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How to understand fast spoken French
And why audio in “slow French” won’t really help you
One of the most common problems my students share with me is:
I’m pretty good at reading French, but when it’s spoken fast by Québécois, I have trouble understanding it.
In the past, I used to believe my students.
It’s true that understanding a written language is usually easier than understanding live conversations. Speaking fluently is even more difficult.
Over time, however, I realized the following:
Students who claim to have a “pretty good” understanding of written French often have a very poor understanding of written French.
The reason why they get lost in conversation is not because francophones speak particularly fast.
The main reason their understanding of spoken French is bad is because their overall vocabulary is lacking.
By focusing on improving vocabulary, especially through reading, my students are able to make progress understanding spoken French.
People don’t speak that fast
Everyone who learns a language claims that the natives speak very fast. But very few languages are actually spoken quickly. From what I’ve read, Spanish and Japanese are the fastest languages.
French is not spoken any faster than English, and in Quebec people don’t speak particularly fast. In fact, I feel that we speak slower than in busy Paris.
The main reason why people can’t follow a conversation is because there are too many words and expressions they don’t understand. In a busy setting, it’s difficult enough to concentrate on what people are saying. If there’s just one word that you don’t understand in short exchange, you’ll likely get completely lost.
Go back to the basics and read this article.
Listening to news in slow French won’t help
Often, my students believe that they need to slow down the speed of podcasts in order to understand them better. Many also follow channels that offer news in slow French.
I don’t believe this is a very helpful thing to do. If you have enough vocabulary, you will only get used to spoken French if you hear it at a normal speed — which as we’ve seen, is neither slow nor fast.
If you can’t understand something at a normal speed, it’s better to find material that’s more appropriate to your level, with fewer words you don’t know, rather than trying to slow down the speed to an unnatural level.
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Focus on reading first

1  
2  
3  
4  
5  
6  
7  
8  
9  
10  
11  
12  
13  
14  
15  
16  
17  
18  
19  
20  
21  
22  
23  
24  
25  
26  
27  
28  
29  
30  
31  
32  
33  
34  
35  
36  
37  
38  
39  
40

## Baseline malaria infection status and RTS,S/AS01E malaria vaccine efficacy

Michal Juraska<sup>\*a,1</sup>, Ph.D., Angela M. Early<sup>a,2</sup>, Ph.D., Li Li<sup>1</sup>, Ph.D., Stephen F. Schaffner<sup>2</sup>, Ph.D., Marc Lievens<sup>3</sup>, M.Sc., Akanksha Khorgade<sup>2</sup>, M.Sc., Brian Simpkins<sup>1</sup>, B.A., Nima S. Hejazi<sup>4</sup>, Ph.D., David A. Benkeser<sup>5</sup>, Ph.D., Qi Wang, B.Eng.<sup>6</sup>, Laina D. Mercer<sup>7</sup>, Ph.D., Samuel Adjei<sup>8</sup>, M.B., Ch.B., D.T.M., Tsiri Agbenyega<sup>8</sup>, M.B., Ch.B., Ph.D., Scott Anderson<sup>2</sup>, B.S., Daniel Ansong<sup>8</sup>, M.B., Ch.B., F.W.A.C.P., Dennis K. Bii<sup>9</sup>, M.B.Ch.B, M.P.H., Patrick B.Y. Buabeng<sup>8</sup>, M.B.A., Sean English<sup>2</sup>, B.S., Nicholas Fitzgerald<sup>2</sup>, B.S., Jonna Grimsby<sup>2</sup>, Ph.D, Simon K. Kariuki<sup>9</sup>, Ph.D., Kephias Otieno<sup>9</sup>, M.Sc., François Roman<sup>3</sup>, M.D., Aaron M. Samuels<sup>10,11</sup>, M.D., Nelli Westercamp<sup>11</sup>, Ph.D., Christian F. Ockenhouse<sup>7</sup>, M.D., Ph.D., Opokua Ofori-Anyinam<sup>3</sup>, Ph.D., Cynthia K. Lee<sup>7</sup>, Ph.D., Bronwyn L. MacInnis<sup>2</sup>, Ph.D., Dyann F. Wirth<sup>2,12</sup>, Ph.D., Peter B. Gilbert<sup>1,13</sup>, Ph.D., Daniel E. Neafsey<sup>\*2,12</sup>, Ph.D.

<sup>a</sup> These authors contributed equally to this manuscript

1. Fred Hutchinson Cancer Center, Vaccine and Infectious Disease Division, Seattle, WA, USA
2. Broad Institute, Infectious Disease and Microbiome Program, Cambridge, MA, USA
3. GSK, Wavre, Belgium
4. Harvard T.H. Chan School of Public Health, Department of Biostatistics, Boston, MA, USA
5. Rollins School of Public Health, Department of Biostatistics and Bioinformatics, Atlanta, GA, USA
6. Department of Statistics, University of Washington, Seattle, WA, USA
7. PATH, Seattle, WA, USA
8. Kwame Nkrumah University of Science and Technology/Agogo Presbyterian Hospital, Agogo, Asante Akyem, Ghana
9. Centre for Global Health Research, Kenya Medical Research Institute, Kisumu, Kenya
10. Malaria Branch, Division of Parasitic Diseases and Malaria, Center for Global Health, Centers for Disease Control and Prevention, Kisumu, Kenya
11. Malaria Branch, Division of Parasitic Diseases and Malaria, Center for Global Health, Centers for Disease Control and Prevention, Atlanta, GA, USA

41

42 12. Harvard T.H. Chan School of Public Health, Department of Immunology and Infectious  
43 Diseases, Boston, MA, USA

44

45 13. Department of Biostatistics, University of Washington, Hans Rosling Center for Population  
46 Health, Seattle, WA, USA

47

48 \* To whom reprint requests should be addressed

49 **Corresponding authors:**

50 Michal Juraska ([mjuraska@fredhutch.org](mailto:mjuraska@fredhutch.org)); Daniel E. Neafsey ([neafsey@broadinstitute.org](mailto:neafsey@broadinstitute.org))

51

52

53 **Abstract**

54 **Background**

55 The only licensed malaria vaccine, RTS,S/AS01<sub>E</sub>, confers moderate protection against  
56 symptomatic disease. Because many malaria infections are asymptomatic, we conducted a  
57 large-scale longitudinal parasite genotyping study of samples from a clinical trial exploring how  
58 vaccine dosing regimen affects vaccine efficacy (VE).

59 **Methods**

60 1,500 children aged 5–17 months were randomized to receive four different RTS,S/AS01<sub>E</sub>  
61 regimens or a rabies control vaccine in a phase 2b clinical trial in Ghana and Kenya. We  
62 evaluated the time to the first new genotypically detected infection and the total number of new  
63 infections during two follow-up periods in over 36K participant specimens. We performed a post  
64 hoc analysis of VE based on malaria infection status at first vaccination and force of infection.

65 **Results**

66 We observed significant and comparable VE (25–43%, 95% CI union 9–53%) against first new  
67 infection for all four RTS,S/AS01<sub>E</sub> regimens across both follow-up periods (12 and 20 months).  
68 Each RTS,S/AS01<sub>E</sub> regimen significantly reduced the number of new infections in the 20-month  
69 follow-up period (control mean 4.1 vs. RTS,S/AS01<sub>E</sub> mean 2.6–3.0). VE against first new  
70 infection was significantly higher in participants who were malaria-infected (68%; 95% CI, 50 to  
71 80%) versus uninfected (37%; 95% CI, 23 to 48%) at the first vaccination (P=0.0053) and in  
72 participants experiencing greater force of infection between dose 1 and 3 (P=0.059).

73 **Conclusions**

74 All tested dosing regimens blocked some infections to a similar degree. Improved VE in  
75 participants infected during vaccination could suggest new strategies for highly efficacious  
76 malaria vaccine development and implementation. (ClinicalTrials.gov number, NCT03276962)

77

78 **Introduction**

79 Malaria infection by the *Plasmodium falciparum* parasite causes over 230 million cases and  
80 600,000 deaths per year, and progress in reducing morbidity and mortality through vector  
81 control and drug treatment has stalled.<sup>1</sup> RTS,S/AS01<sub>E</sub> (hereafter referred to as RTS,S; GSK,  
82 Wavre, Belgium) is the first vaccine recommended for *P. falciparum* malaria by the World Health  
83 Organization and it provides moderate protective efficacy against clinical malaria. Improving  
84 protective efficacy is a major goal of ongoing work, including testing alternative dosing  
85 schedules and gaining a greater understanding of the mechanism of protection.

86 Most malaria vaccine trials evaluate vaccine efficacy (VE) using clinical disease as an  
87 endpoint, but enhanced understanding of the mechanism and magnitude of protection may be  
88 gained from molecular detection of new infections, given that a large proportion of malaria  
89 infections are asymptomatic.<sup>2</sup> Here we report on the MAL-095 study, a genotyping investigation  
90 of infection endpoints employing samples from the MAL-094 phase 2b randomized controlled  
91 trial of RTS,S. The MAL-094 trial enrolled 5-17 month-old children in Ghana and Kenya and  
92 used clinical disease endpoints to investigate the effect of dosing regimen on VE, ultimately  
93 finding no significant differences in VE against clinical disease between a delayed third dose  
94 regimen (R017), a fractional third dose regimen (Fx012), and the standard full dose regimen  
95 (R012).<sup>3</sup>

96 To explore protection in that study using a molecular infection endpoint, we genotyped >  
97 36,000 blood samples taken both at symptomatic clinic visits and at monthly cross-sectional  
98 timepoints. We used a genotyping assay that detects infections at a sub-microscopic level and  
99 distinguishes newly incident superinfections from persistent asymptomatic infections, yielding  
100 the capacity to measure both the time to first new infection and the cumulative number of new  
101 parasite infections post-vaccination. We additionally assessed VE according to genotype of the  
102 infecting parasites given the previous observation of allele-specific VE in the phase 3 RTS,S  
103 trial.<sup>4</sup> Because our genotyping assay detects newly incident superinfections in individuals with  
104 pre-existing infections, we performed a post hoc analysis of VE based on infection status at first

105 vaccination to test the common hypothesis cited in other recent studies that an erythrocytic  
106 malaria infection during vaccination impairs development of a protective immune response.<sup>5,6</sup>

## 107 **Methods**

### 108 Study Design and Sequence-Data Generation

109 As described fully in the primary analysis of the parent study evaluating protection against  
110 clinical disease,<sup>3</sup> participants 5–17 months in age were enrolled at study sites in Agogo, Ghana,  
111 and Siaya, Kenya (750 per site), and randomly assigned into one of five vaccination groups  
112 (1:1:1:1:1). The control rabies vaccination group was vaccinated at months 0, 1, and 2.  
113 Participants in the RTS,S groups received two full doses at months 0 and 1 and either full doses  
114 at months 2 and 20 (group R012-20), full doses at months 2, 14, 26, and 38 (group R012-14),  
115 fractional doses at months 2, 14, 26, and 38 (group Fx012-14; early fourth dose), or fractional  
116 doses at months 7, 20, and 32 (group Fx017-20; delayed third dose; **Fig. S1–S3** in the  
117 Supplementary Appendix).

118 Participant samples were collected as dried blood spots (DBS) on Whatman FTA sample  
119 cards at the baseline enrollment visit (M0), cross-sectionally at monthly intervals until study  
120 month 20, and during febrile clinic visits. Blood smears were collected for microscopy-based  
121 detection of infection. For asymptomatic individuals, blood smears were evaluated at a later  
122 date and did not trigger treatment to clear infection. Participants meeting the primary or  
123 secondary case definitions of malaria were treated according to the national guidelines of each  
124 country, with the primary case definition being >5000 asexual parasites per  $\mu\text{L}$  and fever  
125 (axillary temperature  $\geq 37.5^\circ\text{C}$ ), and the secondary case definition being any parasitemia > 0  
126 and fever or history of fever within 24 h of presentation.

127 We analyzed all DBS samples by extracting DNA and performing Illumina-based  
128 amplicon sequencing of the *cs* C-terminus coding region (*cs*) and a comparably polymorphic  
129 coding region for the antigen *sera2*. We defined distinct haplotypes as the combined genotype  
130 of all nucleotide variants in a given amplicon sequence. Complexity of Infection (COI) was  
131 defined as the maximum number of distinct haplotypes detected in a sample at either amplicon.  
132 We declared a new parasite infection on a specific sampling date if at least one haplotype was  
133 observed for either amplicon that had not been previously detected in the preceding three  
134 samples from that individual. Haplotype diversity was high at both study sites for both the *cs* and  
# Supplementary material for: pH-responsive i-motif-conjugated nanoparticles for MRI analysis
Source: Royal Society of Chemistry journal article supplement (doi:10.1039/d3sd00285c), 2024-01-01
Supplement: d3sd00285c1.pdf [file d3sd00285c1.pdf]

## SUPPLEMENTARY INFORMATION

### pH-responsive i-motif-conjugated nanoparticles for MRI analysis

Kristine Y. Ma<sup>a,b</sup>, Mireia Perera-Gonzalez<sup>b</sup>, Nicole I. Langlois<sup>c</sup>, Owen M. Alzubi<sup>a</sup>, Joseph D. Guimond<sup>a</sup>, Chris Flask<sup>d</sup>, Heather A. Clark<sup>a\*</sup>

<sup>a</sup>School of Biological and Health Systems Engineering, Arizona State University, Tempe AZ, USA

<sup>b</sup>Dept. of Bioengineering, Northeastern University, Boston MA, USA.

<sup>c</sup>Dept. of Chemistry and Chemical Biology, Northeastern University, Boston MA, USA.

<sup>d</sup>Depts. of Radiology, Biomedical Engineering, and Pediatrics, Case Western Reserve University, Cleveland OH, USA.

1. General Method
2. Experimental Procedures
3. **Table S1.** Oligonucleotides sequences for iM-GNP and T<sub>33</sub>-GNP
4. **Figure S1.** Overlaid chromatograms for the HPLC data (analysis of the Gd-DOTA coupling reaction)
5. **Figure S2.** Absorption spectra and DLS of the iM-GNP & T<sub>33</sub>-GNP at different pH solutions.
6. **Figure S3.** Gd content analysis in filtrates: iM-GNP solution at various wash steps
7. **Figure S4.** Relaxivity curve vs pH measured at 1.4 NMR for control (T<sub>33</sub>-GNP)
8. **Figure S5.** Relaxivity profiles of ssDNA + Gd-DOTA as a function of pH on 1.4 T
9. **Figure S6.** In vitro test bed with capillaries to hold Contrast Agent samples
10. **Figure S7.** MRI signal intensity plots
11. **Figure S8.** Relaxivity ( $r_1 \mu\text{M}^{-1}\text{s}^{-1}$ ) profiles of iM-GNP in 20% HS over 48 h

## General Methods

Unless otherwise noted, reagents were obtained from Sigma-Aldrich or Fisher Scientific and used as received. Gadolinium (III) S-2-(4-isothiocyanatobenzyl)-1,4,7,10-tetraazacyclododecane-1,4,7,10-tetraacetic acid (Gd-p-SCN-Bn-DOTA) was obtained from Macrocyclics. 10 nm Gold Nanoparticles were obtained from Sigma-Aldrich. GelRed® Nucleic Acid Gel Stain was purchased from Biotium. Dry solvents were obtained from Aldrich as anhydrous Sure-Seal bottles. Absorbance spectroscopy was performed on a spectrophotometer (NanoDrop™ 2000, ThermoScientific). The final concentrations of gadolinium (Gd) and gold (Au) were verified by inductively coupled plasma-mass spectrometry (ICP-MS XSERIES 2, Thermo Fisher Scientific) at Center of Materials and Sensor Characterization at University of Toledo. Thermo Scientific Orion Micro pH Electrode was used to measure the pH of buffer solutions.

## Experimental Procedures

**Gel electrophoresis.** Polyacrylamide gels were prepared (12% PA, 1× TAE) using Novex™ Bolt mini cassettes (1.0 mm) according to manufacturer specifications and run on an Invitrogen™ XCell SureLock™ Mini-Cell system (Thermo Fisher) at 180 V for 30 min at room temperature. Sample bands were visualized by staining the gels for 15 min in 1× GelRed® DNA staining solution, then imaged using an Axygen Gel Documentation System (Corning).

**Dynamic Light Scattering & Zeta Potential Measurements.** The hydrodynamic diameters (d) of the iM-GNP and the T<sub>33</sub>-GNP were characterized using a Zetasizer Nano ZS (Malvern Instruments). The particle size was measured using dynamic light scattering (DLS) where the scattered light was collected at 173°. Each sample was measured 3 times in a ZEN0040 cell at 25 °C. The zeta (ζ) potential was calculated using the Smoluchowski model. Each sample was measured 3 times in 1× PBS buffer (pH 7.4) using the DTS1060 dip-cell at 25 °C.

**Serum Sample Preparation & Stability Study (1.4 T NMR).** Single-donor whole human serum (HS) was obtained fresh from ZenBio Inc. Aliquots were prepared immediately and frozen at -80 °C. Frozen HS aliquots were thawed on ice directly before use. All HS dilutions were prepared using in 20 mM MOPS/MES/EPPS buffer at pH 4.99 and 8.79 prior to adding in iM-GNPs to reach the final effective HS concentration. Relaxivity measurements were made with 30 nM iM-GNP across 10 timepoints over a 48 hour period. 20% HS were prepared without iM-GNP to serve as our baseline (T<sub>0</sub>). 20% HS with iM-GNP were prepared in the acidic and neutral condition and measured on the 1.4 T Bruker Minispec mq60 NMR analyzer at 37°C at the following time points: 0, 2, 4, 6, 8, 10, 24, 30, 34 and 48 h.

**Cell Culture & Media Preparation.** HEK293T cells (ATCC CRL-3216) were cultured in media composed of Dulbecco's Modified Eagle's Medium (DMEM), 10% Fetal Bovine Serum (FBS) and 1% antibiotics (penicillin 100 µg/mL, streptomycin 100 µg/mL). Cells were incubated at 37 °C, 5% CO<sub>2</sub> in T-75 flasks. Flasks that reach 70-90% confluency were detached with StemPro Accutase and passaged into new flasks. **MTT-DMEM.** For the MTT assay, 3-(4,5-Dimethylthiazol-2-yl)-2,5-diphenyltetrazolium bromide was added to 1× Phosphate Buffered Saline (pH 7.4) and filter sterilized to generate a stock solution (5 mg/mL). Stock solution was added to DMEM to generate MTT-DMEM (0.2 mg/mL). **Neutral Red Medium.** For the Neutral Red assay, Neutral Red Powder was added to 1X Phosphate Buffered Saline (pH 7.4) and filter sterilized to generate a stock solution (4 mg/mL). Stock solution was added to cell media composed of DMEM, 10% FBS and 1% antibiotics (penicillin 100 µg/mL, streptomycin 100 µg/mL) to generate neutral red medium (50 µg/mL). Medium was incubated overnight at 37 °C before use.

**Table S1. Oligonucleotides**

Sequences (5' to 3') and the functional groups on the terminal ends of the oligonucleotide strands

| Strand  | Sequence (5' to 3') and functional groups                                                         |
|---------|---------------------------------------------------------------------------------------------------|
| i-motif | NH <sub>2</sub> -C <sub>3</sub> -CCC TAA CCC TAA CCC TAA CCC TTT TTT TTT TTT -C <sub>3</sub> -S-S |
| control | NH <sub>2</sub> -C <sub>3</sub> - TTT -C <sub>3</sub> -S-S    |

It sounds counter-intuitive, but the best way to improve your understanding of spoken French is to read more, because reading is the best way to develop your vocabulary.
Don’t assume your reading ability is okay. If there’s more than one word per page you don’t know, you still have a long way to go.
How can you tell if you can read French well?
My method for determining reading ability is very simple.
Go to a decent French newspaper website like www.lapresse.ca
Pick an article, on any topic.
Read and translate the first 2-3 paragraphs, without any help.
Compare your guess by looking up the words or translating the whole text in DeepL.
Here’s an example, picked from an article published today in Lapresse.
Les ministres fédéraux se pencheront sur la crise du logement
(Montréal) Les ministres fédéraux se pencheront en priorité sur la crise de l’habitation au cours de leur retraite de trois jours qui s’amorce cette semaine à Charlottetown.
Beaucoup de nouveaux visages seront présents pour cette occasion. Il s’agit de la première réunion du nouveau conseil des ministres depuis l’important remaniement de la fin de juillet. Sept nouveaux ministres ont accédé à l’Olympe tandis que 19 autres s’occupent de nouveaux dossiers.
La crise de l’habitation devient un sujet brûlant pour le gouvernement fédéral qui est en train de perdre l’appui de la jeune génération de Canadiens dont les rêves de pouvoir s’acheter une première propriété sont en train de s’estomper à cause de l’escalade des prix.
What do the following words mean?
Se pencher (sur la crise)
(Une retraite) qui s’amorce
Le remaniement (du conseil des ministres)
S’estomper (les rêves)
I’ll give you the answers at the end of this article.
Other ways to improve your understanding of spoken French
Once you put more focus on learning more vocabulary through reading, you can take other steps.
Take conversation classes with a teacher (I’m available on Italki here.)
Participate in group conversations led by a French teacher. (I offer group conversation classes to paid members of my site.)
Listen to a lot of podcasts and live radio in French.
Improve your understanding of Quebec French (plenty of ressources on my website for that, and more to come).
Watch movies and TV series with French subtitles, but pause to look up words and expression you don’t know.
How did you improve your understanding of spoken French?
Answers to the quiz
Se pencher sur la crise, means to study the problem (of the crisis).
(une retraite) qui s’amorce - means to start.
Le remaniement (du conseil des ministres) means reorganization.
Tandis que means while.
S’estomper (les rêves) means to fade away. Here: to become less and less possible.